Cirrhosis

Sorry, no news articles match your request. Your search criteria may be too narrow.

Cirrhosis ( /sɪˈroʊsɪs/) is a consequence of chronic liver disease characterized by replacement of liver tissue by fibrosis, scar tissue and regenerative nodules (lumps that occur as a result of a process in which damaged tissue is regenerated), leading to loss of liver function. Cirrhosis is most commonly caused by alcoholism, hepatitis B and C, and fatty liver disease, but has many other possible causes. Some cases are idiopathic, i.e., of unknown cause.

Ascites (fluid retention in the abdominal cavity) is the most common complication of cirrhosis, and is associated with a poor quality of life, increased risk of infection, and a poor long-term outcome. Other potentially life-threatening complications are hepatic encephalopathy (confusion and coma) and bleeding from esophageal varices. Cirrhosis is generally irreversible, and treatment usually focuses on preventing progression and complications. In advanced stages of cirrhosis the only option is a liver transplant.

The word "cirrhosis" derives from Greek κιρρός [kirrhós] meaning yellowish, tawny (the orange-yellow colour of the diseased liver) + Eng. med. suff. -osis. While the clinical entity was known before, it was René Laennec who gave it the name "cirrhosis" in his 1819 work in which he also describes the stethoscope.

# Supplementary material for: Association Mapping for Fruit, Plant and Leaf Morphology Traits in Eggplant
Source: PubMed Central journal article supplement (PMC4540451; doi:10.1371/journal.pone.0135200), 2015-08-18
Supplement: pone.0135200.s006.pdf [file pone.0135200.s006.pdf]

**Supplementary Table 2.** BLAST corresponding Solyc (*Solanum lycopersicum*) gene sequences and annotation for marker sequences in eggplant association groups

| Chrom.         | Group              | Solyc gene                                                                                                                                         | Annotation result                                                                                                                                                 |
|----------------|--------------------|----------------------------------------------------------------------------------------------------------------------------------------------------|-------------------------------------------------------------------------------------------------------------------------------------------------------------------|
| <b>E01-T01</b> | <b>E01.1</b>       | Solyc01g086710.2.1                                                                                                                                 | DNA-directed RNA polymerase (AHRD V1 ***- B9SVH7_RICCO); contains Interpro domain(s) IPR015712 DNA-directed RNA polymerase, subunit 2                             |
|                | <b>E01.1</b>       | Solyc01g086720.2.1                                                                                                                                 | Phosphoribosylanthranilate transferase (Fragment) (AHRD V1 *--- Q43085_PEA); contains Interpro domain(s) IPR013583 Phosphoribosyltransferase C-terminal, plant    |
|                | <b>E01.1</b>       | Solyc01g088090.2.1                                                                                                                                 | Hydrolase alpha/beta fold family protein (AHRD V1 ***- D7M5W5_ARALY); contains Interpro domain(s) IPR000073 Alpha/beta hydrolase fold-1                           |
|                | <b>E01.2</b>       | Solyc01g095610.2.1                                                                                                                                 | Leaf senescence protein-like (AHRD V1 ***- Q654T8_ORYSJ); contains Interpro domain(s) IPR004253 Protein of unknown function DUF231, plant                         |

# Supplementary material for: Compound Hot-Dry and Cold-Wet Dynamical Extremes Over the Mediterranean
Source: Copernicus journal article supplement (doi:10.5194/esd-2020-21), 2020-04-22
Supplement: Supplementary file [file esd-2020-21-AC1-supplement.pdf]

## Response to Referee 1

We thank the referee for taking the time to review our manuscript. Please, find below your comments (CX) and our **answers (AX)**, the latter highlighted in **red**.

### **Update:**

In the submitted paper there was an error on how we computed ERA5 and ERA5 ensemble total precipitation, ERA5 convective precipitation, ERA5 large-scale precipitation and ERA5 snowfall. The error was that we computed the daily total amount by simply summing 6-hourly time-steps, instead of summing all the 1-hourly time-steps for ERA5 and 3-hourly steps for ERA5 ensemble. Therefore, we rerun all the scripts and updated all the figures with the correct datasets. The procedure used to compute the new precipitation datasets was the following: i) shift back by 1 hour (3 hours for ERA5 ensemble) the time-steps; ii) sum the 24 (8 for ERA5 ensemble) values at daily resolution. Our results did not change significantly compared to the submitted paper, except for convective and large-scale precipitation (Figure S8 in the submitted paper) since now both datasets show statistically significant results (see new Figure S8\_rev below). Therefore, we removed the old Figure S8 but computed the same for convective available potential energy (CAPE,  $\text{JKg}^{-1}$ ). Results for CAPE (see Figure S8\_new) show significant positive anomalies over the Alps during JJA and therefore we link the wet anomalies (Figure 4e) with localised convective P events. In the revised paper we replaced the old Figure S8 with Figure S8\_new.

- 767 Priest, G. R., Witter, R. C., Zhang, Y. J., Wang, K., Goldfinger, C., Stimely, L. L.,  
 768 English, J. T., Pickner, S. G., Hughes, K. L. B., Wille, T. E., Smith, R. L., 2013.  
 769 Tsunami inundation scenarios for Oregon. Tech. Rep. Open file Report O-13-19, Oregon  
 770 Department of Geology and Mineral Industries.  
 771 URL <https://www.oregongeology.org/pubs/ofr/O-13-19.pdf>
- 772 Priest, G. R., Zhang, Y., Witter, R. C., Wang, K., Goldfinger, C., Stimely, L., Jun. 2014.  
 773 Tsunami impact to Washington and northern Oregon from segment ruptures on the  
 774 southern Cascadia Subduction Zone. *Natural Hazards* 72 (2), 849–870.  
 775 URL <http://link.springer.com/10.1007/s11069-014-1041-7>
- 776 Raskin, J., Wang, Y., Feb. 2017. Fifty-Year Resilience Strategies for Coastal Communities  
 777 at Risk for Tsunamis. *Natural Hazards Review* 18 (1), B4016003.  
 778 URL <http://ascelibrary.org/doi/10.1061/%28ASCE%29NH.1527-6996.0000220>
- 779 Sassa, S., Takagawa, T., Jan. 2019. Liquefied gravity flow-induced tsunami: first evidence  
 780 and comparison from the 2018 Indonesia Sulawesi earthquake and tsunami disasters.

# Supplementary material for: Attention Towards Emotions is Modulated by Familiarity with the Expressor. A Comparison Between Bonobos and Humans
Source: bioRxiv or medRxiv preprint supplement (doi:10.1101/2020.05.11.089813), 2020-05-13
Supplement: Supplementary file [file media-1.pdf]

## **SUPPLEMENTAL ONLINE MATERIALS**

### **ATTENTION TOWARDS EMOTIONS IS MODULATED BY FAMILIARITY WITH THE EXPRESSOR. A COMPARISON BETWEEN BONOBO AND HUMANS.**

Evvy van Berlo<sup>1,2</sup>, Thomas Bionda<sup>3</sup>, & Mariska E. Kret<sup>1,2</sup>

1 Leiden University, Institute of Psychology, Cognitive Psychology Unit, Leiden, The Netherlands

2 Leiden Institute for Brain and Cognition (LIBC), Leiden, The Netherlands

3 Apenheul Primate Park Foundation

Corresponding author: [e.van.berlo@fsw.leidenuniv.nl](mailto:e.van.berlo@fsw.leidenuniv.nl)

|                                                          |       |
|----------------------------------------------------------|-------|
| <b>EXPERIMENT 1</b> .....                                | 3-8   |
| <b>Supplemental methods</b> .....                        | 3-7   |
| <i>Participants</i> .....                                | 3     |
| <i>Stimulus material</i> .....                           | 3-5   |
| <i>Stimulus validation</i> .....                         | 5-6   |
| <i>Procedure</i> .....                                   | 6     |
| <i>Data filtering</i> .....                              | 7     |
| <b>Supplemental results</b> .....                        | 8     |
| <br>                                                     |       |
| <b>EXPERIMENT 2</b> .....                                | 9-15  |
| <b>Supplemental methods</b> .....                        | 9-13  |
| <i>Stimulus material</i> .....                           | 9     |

This text uses material from Wikipedia licensed under CC BY-SA

Latest Spotlight News

Man among first in US to get 'bionic eye' (Update)

A degenerative eye disease slowly robbed Roger Pontz of his vision. Diagnosed with retinitis pigmentosa as a teenager, Pontz has been almost completely blind for years. Now, thanks to a high-tech procedure ...

Classifying sequence variants in human disease

Sequencing an entire human genome is faster and cheaper than ever before, leading to an explosion of studies comparing the genomes of people with and without a given disease. Often clinicians and researchers studying genetic ...

Deliberation is staunchest ally of selfishness

(Medical Xpress)—Over the last two years, Yale psychologist David Rand and colleagues have investigated what makes people willing to help each other. Their latest research shows that while initial reactions ...